Black Swan
Rating: ***** (Essential)
Origin: USA, 1942
Director: Henry King
Source: Fox Studio Classics DVD

Black Swan

Trust me, mates, this is one of the finest pirate movies ever made. It’s not as iconic or influential as Captain Blood or Treasure Island, but it’s every bit as good, and deserves to be better known. Like Blood, it’s a reasonably-close adaptation of a Rafael Sabatini novel, with crackling dialogue by Seton Miller (Adventures of Robin Hood, The Sea Hawk) and the great Ben Hecht (The Front Page, Gunga Din). It’s one of director Henry King’s many collaborations with star Tyrone Power, and the first of their series of swashbucklers. King understood that the audience wanted a vivid, fast-moving tale, and that Power wanted rôles with both strength and nuance to them. And in this Technicolor epic, the team delivered all of that.

This movie pulls no punches: even before the main titles, a pirate ship takes down an English merchantman, and immediately after those titles, two buccaneer crews raid and sack a Spanish colonial port. And these are real pirates, not Robin Hood’s Merrie Men: murder and pillage are rife, and rapine is implied. Less than five minutes into the film, Captain Jamie Waring (Power) and Captain Leech (George Sanders, that magnificent bastard) are lolling on the beach, splitting the spoils, as Waring laments the capture of their leader, Captain Henry Morgan. Then Spanish reinforcements counterattack, Waring is taken, and put on the rack by an oily Spanish Don who demands to know where Morgan really is. Boom! Pirates swarm the castle, Waring is freed, and in walks their commander, Captain Morgan himself.

So far the movie’s been good, even better than good, but when Laird Cregar enters in the rôle of Henry Morgan, it’s elevated to remarkable. Because Cregar simply is Sir Henry Morgan, brought back from the dead after three centuries, more alive and larger in every way than every other person in Port Royal, Jamaica, and the entire Caribbean. His screen presence even out-powers Tyrone Power. There’s only one other star in the film with the megawattage to match him….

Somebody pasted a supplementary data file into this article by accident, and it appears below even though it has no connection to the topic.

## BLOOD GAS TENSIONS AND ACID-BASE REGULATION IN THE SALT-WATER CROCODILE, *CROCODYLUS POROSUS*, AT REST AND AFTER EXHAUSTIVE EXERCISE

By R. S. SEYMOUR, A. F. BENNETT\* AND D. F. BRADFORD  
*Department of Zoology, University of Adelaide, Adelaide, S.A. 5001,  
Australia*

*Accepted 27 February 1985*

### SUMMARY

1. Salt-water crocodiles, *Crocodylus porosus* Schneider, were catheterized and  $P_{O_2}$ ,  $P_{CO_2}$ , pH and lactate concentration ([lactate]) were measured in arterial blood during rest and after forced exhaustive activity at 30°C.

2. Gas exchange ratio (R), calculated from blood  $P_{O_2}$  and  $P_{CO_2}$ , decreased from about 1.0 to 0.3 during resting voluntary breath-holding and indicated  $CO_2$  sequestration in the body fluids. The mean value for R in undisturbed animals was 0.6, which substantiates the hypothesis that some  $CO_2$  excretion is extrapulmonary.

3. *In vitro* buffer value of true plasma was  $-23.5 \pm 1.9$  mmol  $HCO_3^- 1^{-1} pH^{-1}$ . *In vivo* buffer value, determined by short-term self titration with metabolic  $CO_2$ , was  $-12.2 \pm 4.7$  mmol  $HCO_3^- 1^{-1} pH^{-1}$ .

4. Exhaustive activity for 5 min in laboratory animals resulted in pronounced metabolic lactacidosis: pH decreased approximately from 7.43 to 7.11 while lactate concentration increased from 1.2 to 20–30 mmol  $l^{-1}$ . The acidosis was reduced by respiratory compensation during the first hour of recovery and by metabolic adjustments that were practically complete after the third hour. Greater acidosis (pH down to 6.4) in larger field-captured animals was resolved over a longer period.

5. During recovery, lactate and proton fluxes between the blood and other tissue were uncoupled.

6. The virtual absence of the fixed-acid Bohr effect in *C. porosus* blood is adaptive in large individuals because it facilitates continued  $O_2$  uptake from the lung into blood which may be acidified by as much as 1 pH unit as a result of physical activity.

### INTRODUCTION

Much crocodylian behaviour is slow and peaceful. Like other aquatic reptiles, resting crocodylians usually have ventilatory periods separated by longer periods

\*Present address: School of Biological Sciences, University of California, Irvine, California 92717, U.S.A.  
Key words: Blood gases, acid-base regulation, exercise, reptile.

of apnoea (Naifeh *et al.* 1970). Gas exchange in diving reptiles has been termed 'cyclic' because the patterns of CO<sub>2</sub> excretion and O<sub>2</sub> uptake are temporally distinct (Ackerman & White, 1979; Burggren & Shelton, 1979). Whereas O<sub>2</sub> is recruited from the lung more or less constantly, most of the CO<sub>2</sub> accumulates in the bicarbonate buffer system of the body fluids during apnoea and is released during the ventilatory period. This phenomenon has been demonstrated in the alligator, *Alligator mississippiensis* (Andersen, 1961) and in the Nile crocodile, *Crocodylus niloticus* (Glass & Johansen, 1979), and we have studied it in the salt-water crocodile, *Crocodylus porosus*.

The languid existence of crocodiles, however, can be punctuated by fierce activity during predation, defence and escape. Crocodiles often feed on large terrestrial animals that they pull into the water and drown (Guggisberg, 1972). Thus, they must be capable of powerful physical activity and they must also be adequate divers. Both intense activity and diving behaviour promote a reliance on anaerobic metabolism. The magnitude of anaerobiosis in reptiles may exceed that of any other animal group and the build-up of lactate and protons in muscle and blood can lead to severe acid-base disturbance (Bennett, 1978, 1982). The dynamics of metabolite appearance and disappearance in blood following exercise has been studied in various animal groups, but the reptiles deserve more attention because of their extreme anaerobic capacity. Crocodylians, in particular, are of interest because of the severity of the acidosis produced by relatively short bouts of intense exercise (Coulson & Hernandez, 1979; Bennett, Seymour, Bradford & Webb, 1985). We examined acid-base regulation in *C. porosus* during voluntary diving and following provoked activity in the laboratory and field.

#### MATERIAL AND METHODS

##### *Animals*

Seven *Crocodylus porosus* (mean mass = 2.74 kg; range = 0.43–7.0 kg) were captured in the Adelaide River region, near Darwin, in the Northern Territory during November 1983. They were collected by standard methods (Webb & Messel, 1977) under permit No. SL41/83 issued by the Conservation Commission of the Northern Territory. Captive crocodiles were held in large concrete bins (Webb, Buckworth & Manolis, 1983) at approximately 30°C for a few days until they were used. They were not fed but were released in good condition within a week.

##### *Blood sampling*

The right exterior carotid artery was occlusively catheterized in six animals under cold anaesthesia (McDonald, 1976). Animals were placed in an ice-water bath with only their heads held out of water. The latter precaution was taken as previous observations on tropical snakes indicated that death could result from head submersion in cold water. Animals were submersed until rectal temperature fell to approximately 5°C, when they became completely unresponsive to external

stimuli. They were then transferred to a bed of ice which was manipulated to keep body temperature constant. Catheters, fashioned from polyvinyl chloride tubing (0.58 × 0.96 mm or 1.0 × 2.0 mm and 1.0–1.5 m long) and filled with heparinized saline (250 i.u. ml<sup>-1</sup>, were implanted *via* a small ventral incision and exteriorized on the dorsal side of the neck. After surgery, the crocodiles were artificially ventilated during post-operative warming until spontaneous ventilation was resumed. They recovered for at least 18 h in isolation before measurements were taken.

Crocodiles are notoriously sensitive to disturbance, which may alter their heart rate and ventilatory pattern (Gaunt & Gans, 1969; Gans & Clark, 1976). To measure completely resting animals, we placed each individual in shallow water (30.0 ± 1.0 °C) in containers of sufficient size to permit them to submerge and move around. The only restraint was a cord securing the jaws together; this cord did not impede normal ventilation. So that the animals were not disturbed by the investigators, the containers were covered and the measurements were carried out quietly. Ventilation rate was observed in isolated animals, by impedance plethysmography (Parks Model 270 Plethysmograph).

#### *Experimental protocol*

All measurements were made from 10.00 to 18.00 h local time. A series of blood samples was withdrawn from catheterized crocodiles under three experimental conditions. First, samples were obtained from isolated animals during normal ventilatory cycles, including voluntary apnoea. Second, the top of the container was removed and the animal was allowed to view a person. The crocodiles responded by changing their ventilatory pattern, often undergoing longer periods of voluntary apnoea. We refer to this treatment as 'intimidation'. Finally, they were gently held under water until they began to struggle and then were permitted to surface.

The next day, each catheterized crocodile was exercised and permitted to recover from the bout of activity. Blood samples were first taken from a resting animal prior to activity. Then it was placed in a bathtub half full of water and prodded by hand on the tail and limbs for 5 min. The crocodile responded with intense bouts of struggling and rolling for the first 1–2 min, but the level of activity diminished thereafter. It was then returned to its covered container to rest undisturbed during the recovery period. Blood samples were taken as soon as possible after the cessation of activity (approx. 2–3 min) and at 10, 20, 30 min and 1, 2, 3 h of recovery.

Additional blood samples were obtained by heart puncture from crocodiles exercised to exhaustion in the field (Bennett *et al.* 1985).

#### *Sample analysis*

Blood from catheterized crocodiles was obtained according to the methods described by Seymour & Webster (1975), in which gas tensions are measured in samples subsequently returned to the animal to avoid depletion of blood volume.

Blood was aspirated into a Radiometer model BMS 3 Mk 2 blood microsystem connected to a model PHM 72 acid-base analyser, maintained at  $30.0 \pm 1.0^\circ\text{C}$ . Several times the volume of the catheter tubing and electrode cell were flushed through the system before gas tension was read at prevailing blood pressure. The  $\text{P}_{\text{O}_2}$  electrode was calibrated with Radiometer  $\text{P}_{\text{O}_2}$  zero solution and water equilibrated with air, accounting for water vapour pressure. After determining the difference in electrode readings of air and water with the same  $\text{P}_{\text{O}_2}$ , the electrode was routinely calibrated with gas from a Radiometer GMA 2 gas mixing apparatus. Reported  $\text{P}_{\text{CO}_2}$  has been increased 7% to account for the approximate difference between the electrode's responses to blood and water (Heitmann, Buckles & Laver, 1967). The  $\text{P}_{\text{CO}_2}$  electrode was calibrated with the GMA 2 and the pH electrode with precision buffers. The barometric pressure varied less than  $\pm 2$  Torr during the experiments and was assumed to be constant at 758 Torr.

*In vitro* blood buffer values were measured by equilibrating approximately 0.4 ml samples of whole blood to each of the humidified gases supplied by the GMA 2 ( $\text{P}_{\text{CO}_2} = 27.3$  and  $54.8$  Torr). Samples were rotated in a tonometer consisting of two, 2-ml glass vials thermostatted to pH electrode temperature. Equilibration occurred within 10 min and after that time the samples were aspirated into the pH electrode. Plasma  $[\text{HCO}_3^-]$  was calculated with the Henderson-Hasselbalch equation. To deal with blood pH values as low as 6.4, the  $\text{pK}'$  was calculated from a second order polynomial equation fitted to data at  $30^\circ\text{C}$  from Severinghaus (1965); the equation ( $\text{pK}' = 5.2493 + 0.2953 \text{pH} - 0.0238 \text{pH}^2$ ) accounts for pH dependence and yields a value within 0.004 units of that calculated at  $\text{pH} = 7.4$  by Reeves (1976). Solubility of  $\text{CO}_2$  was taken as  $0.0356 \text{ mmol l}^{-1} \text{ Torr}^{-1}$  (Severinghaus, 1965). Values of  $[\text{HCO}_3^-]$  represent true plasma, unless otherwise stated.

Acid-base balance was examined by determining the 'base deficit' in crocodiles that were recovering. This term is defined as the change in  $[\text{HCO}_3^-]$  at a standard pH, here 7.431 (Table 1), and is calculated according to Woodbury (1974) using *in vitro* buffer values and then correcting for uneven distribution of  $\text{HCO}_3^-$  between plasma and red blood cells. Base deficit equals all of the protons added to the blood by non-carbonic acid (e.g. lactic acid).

Maureen O’Hara, in the first of her many memorable swashbuckling rôles, playing the fiery Lady Marguerite Denby, daughter of the Governor of Jamaica—that is, the former governor, since Morgan has replaced him. Pirate Jamie Waring and Lady Marguerite commence a smoldering love/hate romance, and off we go!

The plot works well, with plenty of moving parts that satisfy: new governor Morgan trying to compel peace, renegade pirates plundering the Main, treacherous nobles selling out to the sea rovers—events keep moving without ever getting too complicated. The real fun in the middle part of the film comes from the interactions between the respectable citizens and Morgan’s buccaneers—theoretically the swabs have been rehabilitated, but they just can’t get the hang of polite society, because pirates gonna pirate.

Then treachery rears its head, and we’re into act three, bedad! Rather than tip the final twists and turns of the brilliant finale, let’s just point out a few things about this movie that shouldn’t be overlooked. First, there’s a fine and flavorful score by Alfred Newman that sets the mood perfectly. Second, we get the reliably-rascally Anthony Quinn leering and wearing an eye patch as George Sanders’s second in command. And last but by no means least, it’s a thrill to report that the tavern where the pirates meet is called Ye Porker’s Sterne, with an appropriately lurid pictorial sign hanging above its front door. Bedad!